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August 2006   
F E A T U R E S

Interview: A Life And Death Matter
Macquarie Street and Canberra are squaring off over safety in the workplace, NSW Minister for Industrial relations, John Della Bosca, explains what's at stake.

Unions: Fighting Back
When John Howard's building industry enforcer started threatening people's homes, one couple hit the road. Jim Marr met them in Sydney.

Industrial: What Cowra Means
The ruling on the Cowra abattoir case highlights the implications of the new IR rules, according to John Howe and Jill Murray

Environment: Scrambling for Energy Security
Howard Government hypocrisy is showcased in its climate change manoeuvring, Stuart Rosewarne writes:

Politics: Page Turner
A new book leaves no doubt about whether the faction came before the ego, Nathan Brown writes.

Economics: The State of Labour
The capacity of the state to shape the political economy and thus improve the social lives of the people must be reasserted, argues Geoff Dow.

International: Workers Blood For Oil
A new book by Abdullah Muhsin and Alan Johnson lifts the lid on the bloody reality of US backed democracy for Iraq's trade unions

History: Liberty in Spain
Worker Self-Management is good management. The proof in Spain was in Catalania, Andalusia and continues in the Basque Country, as Neale Towart explains.

Review: Go Roys, Make A Noise
Phil Doyle thought he'd find nostalgia, but instead Vulgar Press' new book, Maroon & Blue is a penetrating insight into the suburban mind under stress.

C O L U M N S

The Locker Room
Ruled Out
Phil Doyle plays by the rules

Fiction
Tommy's Apprentice
Chapter One - Tommy and "The Boy"

Politics
Westie Wing
Ian West wonders what might happen if the NSW Coalition actually did win power next March at the State elections.

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Workers Blood For Oil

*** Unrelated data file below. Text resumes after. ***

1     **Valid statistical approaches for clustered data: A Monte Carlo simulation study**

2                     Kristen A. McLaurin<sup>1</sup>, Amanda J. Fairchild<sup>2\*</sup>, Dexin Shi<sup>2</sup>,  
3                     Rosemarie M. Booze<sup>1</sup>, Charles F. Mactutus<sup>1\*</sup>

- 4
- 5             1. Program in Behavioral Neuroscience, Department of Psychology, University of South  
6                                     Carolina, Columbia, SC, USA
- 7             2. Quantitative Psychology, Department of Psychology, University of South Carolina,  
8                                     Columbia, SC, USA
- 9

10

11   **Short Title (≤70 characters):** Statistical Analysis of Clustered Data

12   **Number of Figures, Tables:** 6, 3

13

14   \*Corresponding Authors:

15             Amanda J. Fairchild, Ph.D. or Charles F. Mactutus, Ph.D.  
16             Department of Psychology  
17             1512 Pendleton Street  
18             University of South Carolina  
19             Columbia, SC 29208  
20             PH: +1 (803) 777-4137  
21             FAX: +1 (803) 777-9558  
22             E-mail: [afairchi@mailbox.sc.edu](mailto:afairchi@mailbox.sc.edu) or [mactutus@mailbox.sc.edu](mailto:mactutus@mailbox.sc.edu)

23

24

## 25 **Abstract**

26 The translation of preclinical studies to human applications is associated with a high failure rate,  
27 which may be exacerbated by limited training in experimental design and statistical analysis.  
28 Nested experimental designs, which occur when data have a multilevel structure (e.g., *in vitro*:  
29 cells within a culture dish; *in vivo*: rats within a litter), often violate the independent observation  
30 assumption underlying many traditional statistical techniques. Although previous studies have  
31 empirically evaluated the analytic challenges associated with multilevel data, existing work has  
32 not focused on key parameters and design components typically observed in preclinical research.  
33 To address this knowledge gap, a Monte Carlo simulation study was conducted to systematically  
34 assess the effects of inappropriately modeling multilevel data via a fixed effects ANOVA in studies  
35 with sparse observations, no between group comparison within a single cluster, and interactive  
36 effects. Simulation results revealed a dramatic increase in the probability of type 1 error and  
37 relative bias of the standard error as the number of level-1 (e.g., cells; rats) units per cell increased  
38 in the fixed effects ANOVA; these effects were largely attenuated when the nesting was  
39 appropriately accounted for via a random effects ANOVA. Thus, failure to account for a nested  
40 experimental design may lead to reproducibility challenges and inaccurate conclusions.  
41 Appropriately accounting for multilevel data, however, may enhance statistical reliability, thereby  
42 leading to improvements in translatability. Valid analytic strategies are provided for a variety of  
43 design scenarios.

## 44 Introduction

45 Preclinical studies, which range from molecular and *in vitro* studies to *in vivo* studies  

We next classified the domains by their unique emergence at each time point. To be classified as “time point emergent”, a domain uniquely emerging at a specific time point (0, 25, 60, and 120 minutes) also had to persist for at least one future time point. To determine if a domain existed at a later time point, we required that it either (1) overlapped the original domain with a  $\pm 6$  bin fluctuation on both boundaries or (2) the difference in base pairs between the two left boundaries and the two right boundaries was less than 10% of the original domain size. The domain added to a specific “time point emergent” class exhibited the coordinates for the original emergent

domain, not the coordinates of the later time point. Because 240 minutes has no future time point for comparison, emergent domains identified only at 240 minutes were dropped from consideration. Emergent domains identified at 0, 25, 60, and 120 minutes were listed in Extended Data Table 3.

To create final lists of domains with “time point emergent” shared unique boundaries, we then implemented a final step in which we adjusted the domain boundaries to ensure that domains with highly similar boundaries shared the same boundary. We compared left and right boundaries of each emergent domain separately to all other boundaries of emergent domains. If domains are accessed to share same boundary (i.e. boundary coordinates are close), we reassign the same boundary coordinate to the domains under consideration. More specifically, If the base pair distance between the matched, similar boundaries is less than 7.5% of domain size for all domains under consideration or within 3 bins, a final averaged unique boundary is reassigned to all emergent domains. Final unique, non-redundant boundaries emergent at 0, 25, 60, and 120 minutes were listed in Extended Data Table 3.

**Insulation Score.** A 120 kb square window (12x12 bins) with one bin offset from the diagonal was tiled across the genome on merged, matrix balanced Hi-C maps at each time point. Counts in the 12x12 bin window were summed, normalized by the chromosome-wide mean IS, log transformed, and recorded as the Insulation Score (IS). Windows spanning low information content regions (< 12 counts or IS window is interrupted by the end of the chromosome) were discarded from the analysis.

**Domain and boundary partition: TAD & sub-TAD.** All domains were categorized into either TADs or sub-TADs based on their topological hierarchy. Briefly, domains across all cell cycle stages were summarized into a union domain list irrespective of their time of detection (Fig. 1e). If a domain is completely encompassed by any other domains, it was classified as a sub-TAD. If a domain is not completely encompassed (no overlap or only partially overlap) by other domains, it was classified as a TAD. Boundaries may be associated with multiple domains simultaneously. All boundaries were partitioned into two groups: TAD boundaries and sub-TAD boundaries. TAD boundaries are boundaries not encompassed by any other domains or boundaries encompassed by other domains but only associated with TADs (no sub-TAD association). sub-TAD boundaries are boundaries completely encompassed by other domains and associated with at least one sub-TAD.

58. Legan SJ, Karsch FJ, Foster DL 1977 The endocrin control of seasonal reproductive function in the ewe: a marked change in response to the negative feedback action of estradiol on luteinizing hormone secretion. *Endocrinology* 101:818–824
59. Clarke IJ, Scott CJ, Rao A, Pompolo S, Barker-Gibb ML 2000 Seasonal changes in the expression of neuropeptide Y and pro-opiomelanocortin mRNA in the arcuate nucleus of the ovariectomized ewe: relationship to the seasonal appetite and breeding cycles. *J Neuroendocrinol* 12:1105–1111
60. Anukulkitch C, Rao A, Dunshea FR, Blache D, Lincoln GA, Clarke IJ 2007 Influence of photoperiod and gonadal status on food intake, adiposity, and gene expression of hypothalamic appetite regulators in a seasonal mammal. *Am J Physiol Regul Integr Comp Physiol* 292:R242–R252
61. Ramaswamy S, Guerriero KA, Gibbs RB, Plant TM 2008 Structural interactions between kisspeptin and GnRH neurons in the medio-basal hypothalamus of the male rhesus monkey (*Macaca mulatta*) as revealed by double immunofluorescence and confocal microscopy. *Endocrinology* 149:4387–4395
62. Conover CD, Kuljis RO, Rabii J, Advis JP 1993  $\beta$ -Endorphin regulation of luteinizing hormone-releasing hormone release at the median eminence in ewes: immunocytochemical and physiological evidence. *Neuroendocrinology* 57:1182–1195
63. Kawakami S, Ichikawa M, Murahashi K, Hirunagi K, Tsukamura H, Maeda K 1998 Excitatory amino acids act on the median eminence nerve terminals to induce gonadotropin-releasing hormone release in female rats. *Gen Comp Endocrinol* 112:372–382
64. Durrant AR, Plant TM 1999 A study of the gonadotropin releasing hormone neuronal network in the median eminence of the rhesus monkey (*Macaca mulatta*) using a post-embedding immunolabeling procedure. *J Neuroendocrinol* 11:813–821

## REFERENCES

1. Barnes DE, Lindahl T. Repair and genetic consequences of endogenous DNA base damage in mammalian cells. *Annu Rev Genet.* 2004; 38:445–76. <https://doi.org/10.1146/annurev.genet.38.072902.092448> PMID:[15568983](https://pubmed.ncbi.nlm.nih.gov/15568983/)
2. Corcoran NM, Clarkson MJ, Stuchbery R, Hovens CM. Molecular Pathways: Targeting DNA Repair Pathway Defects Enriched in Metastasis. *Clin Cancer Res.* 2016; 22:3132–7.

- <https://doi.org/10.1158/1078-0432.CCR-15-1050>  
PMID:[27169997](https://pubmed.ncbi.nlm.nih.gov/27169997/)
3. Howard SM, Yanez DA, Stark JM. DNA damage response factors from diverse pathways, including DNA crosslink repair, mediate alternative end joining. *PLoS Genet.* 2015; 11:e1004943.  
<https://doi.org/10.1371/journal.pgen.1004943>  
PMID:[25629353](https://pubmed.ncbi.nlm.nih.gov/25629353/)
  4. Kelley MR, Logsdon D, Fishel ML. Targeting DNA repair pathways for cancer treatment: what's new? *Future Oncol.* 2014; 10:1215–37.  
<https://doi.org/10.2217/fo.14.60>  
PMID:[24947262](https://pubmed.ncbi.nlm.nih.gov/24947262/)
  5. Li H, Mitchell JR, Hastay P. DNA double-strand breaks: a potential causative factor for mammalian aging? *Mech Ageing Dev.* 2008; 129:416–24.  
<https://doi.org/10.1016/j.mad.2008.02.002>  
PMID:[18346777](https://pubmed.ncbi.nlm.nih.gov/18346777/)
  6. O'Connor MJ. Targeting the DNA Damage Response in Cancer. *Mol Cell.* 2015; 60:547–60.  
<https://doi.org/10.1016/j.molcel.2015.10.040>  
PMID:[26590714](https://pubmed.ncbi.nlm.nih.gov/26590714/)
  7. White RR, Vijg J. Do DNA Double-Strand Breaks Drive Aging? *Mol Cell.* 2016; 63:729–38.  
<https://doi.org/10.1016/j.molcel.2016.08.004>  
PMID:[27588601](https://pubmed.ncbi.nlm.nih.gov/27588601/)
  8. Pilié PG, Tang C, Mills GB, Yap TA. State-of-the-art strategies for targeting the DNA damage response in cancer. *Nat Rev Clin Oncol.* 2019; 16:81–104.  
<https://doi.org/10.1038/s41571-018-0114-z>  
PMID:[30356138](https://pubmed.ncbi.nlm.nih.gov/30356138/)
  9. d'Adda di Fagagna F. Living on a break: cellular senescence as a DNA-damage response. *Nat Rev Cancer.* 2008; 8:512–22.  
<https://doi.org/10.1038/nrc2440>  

A new book by Abdullah Muhsin and Alan Johnson lifts the lid on the bloody reality of US backed democracy for Iraq's trade unions

'Hadi Never Died: Hadi Saleh and the Iraqi Trade Unions', commemorates the International Secretary of the Iraqi Federation of Trade Unions (now the Iraqi Workers Federation - IWF) who last January was tortured and murdered in his home by assassins loyal to Saddam Hussein.

Hadi Saleh had returned to Iraq from exile to begin rebuilding the trade union movement after the fall of Saddam, who had violently suppressed independent trade unions for over forty years.

Hadi's murder sparked a wave of assassinations of trade union leaders and members by terrorists who also target workers in key sectors, such as teachers, to prevent the social justice and stability unions are striving for.

It also sparked this book, which commemorates the work of hhadi and other trade unionists in the ongoing bloodbath that is 'postwar' Iraq.

Profits from the book will support Iraqi unions that are also facing attacks from the Iraqi Government, which has refused to lift Saddam's ban on unions in the public sector and adopt international labour rights protections. The Iraqi Government also introduced powers to take control of unions and freeze their assets.